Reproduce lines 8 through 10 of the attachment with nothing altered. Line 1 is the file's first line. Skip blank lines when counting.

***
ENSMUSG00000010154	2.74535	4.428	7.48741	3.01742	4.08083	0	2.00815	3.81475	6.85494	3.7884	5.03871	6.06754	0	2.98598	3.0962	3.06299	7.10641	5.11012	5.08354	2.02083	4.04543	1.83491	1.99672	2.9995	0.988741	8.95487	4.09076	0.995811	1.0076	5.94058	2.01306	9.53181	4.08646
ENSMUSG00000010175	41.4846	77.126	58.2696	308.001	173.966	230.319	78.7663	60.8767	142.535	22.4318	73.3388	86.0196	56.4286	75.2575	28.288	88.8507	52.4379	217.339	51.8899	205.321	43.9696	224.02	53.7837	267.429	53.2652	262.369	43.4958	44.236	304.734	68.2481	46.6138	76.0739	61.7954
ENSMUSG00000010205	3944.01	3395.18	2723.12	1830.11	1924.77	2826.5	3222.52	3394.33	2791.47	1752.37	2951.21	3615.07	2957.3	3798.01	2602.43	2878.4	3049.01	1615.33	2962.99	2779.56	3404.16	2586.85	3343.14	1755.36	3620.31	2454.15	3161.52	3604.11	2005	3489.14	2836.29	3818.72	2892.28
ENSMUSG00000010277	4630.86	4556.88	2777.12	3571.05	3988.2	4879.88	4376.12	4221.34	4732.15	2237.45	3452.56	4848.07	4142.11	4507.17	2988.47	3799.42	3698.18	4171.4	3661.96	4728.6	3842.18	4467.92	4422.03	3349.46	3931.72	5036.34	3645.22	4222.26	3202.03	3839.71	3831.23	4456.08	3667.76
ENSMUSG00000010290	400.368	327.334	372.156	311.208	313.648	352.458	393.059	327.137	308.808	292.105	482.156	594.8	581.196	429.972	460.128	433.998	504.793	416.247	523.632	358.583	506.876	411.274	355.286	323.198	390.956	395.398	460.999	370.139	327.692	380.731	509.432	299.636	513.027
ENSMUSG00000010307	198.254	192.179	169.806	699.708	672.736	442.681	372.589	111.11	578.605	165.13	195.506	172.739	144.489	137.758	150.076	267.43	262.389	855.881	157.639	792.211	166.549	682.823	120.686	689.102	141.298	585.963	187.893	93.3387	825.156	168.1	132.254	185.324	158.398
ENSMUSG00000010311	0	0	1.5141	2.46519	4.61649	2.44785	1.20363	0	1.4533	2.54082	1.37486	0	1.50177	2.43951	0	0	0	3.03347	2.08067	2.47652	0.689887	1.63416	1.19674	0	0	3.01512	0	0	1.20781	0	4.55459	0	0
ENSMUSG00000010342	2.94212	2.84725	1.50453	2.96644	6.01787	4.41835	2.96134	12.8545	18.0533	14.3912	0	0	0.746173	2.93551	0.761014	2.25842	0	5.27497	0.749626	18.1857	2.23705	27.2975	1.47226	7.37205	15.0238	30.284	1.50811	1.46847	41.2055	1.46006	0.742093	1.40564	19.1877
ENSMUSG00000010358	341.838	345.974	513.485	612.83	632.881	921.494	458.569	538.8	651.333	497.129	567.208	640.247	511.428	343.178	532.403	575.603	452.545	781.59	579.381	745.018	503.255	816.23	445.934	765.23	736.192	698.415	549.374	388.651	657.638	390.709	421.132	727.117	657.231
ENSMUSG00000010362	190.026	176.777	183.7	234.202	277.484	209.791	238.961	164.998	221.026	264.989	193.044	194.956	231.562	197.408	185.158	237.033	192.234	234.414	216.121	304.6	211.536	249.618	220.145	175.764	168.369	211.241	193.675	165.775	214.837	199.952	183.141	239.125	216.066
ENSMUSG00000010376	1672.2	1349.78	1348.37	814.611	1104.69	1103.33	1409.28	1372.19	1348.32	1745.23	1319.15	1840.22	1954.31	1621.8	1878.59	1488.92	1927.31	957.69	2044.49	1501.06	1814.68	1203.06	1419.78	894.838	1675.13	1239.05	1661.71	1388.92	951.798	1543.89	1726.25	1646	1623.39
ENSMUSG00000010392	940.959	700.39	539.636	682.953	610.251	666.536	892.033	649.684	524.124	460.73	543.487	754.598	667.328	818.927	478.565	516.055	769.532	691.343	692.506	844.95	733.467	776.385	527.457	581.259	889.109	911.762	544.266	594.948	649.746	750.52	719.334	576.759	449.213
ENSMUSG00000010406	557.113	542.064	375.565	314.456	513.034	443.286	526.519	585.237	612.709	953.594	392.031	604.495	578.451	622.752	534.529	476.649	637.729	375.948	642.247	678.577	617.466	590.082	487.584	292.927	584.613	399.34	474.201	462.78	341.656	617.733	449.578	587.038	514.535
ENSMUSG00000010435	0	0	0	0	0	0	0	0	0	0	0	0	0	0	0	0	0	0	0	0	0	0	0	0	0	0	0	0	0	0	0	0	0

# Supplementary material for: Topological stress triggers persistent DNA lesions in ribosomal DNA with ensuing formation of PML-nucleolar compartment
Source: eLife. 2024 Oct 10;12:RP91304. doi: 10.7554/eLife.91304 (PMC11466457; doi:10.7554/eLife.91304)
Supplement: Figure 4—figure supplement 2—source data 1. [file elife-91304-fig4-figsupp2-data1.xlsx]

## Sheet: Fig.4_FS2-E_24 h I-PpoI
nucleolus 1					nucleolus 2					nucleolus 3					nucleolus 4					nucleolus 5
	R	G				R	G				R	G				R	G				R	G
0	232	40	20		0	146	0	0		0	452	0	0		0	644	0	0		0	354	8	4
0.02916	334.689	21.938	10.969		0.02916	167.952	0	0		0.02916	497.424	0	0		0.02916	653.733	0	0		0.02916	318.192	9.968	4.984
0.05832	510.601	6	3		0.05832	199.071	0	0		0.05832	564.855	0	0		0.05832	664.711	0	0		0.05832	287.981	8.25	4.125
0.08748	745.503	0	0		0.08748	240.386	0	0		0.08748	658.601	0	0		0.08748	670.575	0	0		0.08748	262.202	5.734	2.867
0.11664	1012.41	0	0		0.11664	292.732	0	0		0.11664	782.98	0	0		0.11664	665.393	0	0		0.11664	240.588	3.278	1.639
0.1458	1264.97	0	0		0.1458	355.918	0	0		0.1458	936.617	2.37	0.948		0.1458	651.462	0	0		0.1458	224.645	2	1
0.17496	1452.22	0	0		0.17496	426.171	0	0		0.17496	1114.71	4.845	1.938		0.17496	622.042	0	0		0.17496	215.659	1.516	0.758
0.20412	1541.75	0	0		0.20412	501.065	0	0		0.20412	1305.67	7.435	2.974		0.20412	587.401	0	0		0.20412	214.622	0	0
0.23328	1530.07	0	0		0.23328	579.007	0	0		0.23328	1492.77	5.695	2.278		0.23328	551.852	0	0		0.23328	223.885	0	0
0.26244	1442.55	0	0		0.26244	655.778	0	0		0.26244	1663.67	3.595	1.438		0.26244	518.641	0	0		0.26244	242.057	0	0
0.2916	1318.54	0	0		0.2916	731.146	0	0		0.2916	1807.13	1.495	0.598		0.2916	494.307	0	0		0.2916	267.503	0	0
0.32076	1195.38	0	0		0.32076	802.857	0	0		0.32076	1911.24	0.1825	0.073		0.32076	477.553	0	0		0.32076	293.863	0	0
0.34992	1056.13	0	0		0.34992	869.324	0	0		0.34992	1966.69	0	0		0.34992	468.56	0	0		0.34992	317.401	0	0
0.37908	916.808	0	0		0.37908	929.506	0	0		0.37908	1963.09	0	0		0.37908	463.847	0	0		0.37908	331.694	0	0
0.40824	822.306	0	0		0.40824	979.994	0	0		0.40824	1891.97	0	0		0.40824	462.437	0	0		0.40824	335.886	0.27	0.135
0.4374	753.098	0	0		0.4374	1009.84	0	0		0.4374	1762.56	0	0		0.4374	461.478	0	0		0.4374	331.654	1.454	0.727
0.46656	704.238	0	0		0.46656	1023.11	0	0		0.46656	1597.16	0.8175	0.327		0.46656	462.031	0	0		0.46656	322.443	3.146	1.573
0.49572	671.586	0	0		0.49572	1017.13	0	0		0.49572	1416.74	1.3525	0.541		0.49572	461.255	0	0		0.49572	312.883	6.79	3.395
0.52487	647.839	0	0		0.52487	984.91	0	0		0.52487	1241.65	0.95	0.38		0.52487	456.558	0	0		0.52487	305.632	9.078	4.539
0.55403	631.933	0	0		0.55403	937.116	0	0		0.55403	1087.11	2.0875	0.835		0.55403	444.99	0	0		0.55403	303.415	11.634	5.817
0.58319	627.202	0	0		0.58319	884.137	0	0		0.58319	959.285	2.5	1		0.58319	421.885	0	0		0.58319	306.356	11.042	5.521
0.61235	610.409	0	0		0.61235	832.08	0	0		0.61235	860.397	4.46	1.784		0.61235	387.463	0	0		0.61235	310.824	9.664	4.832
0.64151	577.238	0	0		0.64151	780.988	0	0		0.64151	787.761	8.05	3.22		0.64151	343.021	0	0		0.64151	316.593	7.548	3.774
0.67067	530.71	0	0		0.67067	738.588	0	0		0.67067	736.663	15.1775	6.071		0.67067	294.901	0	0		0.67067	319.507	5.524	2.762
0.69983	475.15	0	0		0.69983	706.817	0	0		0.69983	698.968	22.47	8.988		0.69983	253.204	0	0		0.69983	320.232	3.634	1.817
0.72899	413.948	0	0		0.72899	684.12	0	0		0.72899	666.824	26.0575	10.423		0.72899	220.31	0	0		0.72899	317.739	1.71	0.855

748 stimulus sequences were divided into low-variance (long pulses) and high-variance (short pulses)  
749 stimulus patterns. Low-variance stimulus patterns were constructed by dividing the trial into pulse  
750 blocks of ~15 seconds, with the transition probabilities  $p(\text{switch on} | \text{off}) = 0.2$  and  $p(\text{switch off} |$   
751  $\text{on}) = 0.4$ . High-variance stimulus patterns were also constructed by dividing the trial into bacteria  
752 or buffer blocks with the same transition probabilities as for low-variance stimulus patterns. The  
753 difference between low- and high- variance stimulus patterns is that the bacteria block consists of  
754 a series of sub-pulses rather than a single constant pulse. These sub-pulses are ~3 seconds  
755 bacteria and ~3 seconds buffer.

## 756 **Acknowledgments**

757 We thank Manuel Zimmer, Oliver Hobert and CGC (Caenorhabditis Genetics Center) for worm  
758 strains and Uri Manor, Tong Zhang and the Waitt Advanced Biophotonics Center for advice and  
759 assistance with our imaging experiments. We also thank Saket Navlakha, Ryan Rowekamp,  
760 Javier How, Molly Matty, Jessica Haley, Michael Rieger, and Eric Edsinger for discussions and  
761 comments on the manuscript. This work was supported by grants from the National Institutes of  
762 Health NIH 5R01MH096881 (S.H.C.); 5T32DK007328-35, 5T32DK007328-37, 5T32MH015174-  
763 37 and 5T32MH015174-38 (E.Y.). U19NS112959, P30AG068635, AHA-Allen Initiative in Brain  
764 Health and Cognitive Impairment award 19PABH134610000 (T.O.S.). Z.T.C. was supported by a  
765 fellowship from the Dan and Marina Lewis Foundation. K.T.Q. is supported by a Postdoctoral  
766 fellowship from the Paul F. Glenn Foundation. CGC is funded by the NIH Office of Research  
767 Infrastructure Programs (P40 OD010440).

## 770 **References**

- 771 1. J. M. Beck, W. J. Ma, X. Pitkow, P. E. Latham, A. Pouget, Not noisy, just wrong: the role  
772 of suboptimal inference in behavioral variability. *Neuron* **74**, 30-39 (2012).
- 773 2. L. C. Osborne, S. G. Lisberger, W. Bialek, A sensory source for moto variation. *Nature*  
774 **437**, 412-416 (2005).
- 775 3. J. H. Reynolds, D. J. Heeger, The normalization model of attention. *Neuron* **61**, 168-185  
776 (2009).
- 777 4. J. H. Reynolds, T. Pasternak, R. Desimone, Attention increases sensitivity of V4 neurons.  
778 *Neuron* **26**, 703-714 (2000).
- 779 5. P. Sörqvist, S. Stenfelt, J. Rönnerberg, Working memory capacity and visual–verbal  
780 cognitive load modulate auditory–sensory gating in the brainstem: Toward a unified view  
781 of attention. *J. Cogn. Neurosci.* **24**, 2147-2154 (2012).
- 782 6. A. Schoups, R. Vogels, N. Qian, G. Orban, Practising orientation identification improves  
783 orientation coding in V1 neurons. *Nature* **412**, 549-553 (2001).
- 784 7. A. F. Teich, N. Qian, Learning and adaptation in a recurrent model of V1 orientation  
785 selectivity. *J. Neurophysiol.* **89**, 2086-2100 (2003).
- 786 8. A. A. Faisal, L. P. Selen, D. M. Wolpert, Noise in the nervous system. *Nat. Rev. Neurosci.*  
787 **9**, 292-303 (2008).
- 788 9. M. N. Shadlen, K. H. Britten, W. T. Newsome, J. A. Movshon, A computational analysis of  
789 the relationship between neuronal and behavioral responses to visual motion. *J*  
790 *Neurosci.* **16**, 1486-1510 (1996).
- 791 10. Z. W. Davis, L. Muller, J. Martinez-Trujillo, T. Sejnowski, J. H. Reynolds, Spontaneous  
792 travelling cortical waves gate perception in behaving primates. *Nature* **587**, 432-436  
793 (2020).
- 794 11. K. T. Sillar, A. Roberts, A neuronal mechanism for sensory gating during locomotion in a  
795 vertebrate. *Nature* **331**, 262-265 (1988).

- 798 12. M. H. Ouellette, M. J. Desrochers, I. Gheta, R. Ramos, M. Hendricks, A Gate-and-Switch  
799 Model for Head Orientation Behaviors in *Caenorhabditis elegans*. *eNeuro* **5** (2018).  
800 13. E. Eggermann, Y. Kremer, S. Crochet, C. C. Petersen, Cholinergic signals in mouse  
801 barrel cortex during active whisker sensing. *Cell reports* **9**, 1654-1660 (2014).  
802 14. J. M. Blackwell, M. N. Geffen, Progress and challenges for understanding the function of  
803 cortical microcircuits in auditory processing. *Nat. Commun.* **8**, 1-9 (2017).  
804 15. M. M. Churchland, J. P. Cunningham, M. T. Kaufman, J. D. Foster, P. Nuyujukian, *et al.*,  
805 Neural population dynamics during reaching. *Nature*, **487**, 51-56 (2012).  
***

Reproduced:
ENSMUSG00000010342	2.94212	2.84725	1.50453	2.96644	6.01787	4.41835	2.96134	12.8545	18.0533	14.3912	0	0	0.746173	2.93551	0.761014	2.25842	0	5.27497	0.749626	18.1857	2.23705	27.2975	1.47226	7.37205	15.0238	30.284	1.50811	1.46847	41.2055	1.46006	0.742093	1.40564	19.1877
ENSMUSG00000010358	341.838	345.974	513.485	612.83	632.881	921.494	458.569	538.8	651.333	497.129	567.208	640.247	511.428	343.178	532.403	575.603	452.545	781.59	579.381	745.018	503.255	816.23	445.934	765.23	736.192	698.415	549.374	388.651	657.638	390.709	421.132	727.117	657.231
ENSMUSG00000010362	190.026	176.777	183.7	234.202	277.484	209.791	238.961	164.998	221.026	264.989	193.044	194.956	231.562	197.408	185.158	237.033	192.234	234.414	216.121	304.6	211.536	249.618	220.145	175.764	168.369	211.241	193.675	165.775	214.837	199.952	183.141	239.125	216.066